In several further studies involving thousands more students and adult members of the general public in Canada and the US, Whillans and her colleagues showed that people’s answer to this one simple question correlated with their choices over various fictional scenarios, such as: whether they wanted to apply for a hypothetical higher salary/longer hours job or a lower salary/shorter hours alternative; whether they’d prefer a more expensive apartment with a shorter commute, or a cheaper alternative (to save money) and make a longer commute; and whether they actually chose a smaller cash reward for taking part in the study, versus a larger value reward token toward a time-saving service (such as a cleaner).

What’s more, across the studies, people who said they prioritised time tended to report being happier. This was true based on various ways of measuring happiness and wellbeing, and the association held even after holding constant many other factors, such as people’s salary, education, hours of work and age and gender. The researchers also measured people’s materialism and the association between happiness and favouring time over money remained after taking this into account.

The researchers said that this relationship between prioritising time and being happier was “small but robust” – about half the size of the impact on happiness of things like being married and having more wealth. In an example of exemplary scholarship, the researchers make clear every factor they measured, every participant who was excluded and why, and the recruitment stopping rule for each study (i.e. how it was decided when to stop recruiting more participants). And perhaps most important, all their data is freely accessible via the Open Science initiative.

As so often, it’s worth remembering that this data was only recorded at a single point in the lives of the participants, so it’s not yet been established that having more a time-centric orientation versus money-centric actually causes greater happiness – as the researchers acknowledge, it’s possible that being happier allows people to see the value in saving time to do fun things. As well as longitudinal research (that follows people’s priorities and happiness over time), future studies could also establish how people’s time vs. money priorities change in response to important life events such as having children or retirement (the current data suggest that older people tend to favour time), and whether it’s possible to deliberately change one’s orientation.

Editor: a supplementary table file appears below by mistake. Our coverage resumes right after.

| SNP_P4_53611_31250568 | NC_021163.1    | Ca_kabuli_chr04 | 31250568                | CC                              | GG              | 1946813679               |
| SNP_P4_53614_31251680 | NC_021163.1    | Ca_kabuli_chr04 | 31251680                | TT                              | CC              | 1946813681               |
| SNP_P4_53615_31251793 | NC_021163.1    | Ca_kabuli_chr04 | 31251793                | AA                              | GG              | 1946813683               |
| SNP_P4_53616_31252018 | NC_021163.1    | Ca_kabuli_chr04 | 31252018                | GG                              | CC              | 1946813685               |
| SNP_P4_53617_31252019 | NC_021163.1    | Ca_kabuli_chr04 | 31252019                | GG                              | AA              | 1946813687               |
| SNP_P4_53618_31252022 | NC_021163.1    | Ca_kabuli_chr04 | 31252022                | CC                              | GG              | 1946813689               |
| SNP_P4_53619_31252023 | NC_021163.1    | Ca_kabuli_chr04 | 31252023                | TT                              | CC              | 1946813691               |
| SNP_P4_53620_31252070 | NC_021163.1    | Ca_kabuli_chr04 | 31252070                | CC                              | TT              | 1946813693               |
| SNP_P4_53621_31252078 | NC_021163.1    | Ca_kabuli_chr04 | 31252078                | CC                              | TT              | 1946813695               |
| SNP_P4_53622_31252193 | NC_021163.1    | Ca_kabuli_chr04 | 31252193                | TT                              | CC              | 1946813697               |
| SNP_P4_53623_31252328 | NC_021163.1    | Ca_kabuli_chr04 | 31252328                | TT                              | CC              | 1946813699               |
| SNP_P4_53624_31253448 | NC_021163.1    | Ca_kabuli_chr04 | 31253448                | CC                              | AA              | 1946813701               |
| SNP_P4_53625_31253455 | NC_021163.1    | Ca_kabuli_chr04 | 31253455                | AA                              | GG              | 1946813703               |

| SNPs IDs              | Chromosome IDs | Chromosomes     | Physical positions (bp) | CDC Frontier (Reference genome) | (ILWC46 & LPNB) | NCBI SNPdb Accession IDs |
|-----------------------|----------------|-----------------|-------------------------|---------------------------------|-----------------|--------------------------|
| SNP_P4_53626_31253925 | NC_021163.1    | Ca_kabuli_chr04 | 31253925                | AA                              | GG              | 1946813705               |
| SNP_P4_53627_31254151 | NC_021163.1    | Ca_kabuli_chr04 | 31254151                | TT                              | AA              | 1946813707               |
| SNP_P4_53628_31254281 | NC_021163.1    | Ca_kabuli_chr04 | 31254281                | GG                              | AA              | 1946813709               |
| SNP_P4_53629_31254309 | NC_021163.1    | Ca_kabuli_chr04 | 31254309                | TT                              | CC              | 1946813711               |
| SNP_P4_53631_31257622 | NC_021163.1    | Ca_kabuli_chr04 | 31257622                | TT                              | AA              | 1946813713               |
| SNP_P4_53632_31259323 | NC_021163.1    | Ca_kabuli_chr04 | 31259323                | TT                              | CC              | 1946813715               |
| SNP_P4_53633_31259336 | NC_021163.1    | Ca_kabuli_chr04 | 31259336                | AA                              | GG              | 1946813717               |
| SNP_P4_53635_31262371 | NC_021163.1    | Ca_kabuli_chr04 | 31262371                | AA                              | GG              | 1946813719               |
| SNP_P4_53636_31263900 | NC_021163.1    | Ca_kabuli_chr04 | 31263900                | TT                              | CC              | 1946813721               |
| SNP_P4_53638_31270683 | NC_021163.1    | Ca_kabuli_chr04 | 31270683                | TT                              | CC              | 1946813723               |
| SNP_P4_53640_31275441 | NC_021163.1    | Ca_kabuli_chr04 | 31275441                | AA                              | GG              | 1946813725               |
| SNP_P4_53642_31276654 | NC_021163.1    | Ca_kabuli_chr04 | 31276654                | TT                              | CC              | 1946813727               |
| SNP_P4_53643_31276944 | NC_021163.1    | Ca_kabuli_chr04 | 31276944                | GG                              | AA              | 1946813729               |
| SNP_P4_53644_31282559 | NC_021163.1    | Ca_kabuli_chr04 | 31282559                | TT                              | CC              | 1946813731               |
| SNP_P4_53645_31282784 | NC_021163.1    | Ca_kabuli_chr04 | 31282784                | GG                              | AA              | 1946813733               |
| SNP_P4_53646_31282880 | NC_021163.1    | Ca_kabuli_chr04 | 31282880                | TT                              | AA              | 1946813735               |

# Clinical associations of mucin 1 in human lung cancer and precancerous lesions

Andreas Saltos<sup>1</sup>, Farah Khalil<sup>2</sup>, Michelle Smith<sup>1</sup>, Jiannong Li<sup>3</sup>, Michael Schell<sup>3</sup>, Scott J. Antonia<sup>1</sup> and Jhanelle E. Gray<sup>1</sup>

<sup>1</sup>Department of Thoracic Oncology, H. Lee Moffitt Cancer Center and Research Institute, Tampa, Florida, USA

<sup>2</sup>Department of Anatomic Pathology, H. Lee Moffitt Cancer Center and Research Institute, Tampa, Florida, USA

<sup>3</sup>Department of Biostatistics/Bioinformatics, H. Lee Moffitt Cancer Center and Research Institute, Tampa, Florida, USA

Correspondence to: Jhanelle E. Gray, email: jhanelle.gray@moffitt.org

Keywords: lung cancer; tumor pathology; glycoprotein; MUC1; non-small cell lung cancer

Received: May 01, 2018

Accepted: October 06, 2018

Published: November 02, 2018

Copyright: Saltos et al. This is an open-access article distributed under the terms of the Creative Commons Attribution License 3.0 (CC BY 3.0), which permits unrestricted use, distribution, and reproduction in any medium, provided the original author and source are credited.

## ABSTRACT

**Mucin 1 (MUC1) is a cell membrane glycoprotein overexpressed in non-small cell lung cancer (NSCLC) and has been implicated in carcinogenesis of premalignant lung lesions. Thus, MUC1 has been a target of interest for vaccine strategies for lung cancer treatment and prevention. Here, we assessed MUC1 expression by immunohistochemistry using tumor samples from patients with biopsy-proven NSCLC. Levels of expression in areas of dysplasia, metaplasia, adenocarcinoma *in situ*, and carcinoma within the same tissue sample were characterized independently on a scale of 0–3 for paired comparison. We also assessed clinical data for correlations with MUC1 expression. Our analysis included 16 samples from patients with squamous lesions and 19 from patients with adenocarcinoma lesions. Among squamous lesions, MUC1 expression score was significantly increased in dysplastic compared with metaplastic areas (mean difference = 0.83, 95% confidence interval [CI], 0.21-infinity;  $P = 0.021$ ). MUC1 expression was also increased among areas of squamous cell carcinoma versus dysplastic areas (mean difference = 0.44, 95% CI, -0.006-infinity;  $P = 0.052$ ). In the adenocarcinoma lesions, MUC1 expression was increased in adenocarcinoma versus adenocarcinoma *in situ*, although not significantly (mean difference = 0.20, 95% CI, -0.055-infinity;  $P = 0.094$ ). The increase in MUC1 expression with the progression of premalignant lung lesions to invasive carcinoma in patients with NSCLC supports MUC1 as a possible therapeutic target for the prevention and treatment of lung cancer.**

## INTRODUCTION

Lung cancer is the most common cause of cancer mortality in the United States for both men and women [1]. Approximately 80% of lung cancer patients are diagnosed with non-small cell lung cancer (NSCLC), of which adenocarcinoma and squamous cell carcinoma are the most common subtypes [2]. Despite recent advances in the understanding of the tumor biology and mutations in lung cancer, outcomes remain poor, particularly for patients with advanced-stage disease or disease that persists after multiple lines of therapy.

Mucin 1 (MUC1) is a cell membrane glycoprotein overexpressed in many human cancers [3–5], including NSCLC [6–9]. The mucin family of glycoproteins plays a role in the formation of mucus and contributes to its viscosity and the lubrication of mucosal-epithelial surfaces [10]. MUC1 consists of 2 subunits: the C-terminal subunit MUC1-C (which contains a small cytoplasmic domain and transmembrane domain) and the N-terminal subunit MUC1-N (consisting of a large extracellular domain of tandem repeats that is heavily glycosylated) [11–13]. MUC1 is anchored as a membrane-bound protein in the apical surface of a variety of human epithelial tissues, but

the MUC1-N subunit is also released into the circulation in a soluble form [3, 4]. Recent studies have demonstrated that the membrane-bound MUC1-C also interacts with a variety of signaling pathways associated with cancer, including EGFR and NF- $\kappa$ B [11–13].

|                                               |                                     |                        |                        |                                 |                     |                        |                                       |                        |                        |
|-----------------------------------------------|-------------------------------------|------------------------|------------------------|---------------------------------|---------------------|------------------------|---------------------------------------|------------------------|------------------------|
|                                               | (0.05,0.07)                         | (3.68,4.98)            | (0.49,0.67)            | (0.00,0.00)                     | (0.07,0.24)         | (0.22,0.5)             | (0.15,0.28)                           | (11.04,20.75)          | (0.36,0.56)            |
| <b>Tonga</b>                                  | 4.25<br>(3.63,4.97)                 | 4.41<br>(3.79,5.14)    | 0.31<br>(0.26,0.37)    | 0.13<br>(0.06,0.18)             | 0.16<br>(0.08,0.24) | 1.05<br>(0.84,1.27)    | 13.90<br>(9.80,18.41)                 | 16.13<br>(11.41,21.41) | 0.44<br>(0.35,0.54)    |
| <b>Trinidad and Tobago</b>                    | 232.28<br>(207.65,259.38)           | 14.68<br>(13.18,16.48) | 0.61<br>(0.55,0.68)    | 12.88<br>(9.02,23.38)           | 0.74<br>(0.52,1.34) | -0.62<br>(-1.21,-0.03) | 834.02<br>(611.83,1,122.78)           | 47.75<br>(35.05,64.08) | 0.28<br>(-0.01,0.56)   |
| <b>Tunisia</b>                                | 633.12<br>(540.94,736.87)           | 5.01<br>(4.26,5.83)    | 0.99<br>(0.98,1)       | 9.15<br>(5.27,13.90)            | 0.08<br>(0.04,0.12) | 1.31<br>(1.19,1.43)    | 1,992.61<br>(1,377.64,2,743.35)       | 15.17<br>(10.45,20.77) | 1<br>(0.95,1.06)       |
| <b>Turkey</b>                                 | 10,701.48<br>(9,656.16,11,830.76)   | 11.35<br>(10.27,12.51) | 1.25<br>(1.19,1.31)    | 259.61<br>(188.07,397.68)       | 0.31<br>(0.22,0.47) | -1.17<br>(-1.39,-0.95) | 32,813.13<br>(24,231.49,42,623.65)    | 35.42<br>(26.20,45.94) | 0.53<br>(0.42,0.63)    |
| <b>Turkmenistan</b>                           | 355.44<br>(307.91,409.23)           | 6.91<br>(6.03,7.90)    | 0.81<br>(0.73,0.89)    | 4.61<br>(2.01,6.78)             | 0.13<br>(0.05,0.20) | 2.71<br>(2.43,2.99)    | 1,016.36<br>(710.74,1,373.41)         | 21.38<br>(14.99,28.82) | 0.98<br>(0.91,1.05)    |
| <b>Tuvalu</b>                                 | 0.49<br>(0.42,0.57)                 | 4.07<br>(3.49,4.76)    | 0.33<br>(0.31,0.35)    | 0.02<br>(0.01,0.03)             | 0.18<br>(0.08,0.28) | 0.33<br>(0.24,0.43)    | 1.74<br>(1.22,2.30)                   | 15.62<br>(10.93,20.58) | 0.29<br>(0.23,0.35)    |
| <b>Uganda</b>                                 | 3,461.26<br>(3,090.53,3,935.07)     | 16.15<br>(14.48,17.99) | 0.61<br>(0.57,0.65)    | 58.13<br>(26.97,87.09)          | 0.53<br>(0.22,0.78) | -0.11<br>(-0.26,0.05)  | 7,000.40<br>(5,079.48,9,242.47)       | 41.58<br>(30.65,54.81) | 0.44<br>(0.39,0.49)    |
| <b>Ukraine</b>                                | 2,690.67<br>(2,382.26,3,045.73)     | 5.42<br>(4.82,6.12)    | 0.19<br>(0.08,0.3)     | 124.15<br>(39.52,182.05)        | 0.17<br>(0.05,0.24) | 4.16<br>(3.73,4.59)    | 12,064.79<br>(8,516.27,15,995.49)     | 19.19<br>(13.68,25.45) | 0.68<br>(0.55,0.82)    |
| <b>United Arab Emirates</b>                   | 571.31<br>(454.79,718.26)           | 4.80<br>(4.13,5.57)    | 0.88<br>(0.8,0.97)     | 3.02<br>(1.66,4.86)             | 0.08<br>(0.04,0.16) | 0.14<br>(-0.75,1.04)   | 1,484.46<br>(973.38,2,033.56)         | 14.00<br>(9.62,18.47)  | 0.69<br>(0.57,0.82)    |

“Although causality cannot be inferred,” the researchers concluded, “these data point to the possibility that valuing time over money is a stable preference that may provide one path to greater happiness.”


Whillans, A., Weidman, A., & Dunn, E. (2016). Valuing Time Over Money Is Associated With Greater Happiness Social Psychological and Personality Science DOI: 10.1177/1948550615623842

Post written by Christian Jarrett (@psych_writer) for the BPS Research Digest.

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Our jumpiness at nighttime is not just because it’s dark

When something goes bump in the night, most of us are little jumpier than we would be in the day. But is that just because it’s dark, or is it more to do with our bodies and brains switching to a vigilant nocturnal mode?

Yadan Li and her colleagues have attempted to disentangle the influences of darkness and nighttime. They recruited 120 young women to complete a computer task in a windowless cubicle, which involved them looking at neutral pictures (e.g. nature scenes), scary pictures (e.g. spiders; a person being attacked), and listening to scary sounds (e.g. screams) and neutral sounds (e.g. bird song).

The women were split into four groups: some of them completed the task in the day-time with bright lights on; some in the day-time in darkness; others at night-time with a dim light on; and others at night-time in complete darkness (although presumably the computer screen created some light).

The women who completed the task at nighttime said they found the scary pictures and sounds more scary (than the women tested in the day-time), and this was true regardless of whether they were tested in darkness or light. Moreover, their extra jumpiness was confirmed by recordings taken of their heart-rate and perspiration.

In contrast, the time of testing made no difference to the women’s responses to the neutral pictures and sounds. Also, the lighting levels, whether in the day-time or at nighttime, made no difference to the women’s reactions to the neutral or scary stimuli.

In other words, the findings appear to suggest that we’re more sensitive to threats at nighttime because it’s the night, not because it’s dark. This raises the possibility that biological factors associated with our circadian rhythm affect our fear-sensitivity, although it’s plausible that cultural factors are involved, in that we’ve learned to be more vigilant at night.